Mr. X advised the former PM not to be a 'pilot in the cockpit whose flight can be hijacked at gunpoint.

Can anybody helps me in splitting the above sentence in two sentences ?

I don't know why "to be" is used here. I think it is an infiniitive and after the word "advise" infinitive is used with pronoun

Is it similar to word BECOME ? What is the meaining of "to be" here

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How do you want to split it?-- Mr. X advised the former PM. He said, "Don't be a 'pilot in the cockpit whose flight can be hijacked at gunpoint'."

Not become; don't act like.
1) You told me - Not become; don't act like.

Then What is the difference between the two

I want to be a doctor.

I want to become a consultant

2) Don't be a pilot.......

Does "Be" represent "become" here
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I want to be a doctor = I want to become a doctor (approximately; the latter has slightly more emphasis on the process).

In the passage you quoted, however, be has a different meaning: act like.

Don't be an idiot.
Don't be a patsy.
Don't try to be a hero

All these mean don't act like a/an idiot/patsy/hero.
You want to tell : Don't Be / not to be = act like

Am I right?

But if we do not use it in a negative sence like - Be / to be then what does it means?
No, Rajan. In the sentence and phrases I am discussing, be = act like.

All right, act like / be an idiot! Go bungee jumping!
Please act like / be a hero and get me another beer from the refrigerator.
Mr. X advised the former PM not to act like / be a 'pilot in the cockpit whose flight can be hijacked at gunpoint

Is that clear?
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Thank you so much for your patience and guiding me.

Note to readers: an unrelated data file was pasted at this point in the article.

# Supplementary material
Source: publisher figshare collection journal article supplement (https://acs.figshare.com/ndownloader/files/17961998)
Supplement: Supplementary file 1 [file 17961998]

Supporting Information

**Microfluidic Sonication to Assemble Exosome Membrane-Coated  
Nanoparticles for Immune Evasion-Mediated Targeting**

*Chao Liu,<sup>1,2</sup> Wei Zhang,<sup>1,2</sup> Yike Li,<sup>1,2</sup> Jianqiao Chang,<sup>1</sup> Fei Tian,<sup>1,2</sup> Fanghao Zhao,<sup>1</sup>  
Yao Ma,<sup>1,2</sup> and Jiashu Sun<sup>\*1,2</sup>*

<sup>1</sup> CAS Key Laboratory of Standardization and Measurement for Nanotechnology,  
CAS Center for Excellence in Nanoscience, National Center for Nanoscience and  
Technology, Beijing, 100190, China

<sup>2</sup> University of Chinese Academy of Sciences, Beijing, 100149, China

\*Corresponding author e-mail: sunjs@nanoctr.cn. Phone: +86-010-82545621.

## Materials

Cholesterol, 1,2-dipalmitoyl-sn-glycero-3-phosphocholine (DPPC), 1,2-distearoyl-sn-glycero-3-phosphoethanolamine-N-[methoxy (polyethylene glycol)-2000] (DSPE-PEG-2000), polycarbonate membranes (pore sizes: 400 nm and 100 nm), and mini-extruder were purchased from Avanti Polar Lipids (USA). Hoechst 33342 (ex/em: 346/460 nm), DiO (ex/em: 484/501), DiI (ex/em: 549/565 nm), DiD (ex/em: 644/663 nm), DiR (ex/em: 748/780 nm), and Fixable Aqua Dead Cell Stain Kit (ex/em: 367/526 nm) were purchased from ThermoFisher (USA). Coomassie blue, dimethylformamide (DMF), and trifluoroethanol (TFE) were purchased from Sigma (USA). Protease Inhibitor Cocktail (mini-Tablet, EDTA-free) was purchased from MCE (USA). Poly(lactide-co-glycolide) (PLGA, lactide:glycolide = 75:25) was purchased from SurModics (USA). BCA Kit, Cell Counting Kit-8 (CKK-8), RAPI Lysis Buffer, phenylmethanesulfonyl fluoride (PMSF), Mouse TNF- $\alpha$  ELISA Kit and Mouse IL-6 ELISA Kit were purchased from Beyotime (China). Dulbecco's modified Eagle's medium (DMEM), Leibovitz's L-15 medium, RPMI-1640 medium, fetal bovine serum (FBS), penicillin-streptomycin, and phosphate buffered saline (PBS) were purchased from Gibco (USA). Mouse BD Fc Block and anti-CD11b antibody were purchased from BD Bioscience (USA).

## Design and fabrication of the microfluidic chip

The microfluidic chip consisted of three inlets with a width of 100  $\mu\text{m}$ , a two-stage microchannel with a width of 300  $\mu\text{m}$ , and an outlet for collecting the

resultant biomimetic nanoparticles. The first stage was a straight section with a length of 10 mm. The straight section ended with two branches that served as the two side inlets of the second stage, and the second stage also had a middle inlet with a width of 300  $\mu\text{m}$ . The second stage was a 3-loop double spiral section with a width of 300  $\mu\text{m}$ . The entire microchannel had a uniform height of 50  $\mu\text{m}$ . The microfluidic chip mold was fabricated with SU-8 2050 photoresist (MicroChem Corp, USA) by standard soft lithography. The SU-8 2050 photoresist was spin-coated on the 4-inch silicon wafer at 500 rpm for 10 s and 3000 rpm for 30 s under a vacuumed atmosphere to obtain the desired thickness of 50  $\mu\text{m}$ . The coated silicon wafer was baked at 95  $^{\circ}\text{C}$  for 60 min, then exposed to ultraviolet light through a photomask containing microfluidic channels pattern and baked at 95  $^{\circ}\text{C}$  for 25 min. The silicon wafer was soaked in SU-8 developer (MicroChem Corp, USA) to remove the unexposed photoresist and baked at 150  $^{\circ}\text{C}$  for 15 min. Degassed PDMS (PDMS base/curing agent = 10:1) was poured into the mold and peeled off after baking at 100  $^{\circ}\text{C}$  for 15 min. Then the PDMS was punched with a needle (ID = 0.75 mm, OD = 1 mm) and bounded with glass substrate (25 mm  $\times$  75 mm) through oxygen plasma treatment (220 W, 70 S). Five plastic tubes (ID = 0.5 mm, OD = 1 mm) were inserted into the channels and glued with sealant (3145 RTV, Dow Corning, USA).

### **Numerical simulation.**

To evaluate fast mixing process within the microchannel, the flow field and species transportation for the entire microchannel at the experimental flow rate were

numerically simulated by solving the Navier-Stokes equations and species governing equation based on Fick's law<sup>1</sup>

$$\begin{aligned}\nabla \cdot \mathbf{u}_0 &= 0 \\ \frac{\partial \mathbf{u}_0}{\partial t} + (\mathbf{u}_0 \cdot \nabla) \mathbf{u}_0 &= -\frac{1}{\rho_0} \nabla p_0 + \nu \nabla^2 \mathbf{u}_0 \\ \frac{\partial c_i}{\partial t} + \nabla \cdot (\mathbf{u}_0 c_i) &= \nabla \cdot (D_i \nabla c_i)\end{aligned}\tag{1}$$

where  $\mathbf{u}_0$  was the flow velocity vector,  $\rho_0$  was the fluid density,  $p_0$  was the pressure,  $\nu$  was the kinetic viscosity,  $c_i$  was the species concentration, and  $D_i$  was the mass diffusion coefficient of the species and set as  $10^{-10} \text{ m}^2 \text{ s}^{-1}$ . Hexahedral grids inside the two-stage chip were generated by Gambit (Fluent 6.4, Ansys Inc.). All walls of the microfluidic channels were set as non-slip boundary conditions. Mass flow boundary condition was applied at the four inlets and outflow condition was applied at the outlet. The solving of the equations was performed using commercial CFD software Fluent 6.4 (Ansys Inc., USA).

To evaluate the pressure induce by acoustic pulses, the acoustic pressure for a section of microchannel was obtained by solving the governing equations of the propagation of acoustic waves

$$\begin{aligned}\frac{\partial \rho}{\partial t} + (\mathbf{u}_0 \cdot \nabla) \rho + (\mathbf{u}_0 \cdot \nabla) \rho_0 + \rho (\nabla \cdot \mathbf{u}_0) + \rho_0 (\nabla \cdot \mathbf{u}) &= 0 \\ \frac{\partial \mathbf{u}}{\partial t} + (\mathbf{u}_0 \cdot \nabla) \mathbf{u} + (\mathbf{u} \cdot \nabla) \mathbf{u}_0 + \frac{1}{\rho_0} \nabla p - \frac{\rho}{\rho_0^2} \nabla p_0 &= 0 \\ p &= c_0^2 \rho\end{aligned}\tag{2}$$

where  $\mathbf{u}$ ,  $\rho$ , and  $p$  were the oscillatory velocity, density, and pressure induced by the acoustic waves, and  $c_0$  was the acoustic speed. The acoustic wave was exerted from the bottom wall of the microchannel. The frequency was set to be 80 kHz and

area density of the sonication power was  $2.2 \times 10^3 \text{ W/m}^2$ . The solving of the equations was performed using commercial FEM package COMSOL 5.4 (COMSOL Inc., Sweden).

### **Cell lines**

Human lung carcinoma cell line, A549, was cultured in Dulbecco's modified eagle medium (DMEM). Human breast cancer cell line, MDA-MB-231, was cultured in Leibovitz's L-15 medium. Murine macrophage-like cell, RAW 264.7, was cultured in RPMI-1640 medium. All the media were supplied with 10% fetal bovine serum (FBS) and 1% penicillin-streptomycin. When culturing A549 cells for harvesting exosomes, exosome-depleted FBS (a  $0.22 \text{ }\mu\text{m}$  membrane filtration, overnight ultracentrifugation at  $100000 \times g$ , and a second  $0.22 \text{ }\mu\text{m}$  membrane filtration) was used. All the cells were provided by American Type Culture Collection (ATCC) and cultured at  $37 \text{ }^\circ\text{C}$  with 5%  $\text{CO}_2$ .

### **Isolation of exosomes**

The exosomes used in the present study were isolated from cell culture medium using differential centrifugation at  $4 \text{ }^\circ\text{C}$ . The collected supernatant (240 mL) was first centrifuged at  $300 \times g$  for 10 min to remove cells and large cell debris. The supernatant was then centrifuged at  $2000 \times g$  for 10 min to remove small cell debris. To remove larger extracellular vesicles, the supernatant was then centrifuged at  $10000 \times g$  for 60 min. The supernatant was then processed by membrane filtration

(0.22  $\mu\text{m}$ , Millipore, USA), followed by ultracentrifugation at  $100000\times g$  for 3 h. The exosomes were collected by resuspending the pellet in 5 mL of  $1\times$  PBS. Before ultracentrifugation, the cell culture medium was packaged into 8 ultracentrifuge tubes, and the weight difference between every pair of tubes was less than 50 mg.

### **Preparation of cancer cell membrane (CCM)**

But I have one more question

1) Be Honest. Can I take this sentence as "Act Like Honest"

2) Be Sure. We can not fit Act Like in this.

3) What is the difference between "Make Sure" and "Be Sure"

Here, what does "be" mean ?
No, now you have shifted to adjective complements, where be is the copula indicating possession of a quality. The imperatives that you have listed in #1 and #2 exhort the listener to exhibit or acquire the qualities of honesty and assurance.

#3 -- Via a couple of dictionaries:

make sure: make a point of doing something; act purposefully and intentionally
be sure: careful to do something

Still, I am not sure there is much difference. Make sure sounds more active.
I am confused here. The following question has also been one of my problem.

In Imperative sentences, there is no need to mention the subject

1) Go there, Come here.

In Sr. No. 1, there is no mention of Be.

Be is a copula, a linking verb, that is used to link the subject of a sentence with its complement.

But in adjectives, we have to mention Be - like, be honest, be sure. In these sentences there is no subject then why there is a need to add BE.

I hope my question is clear.
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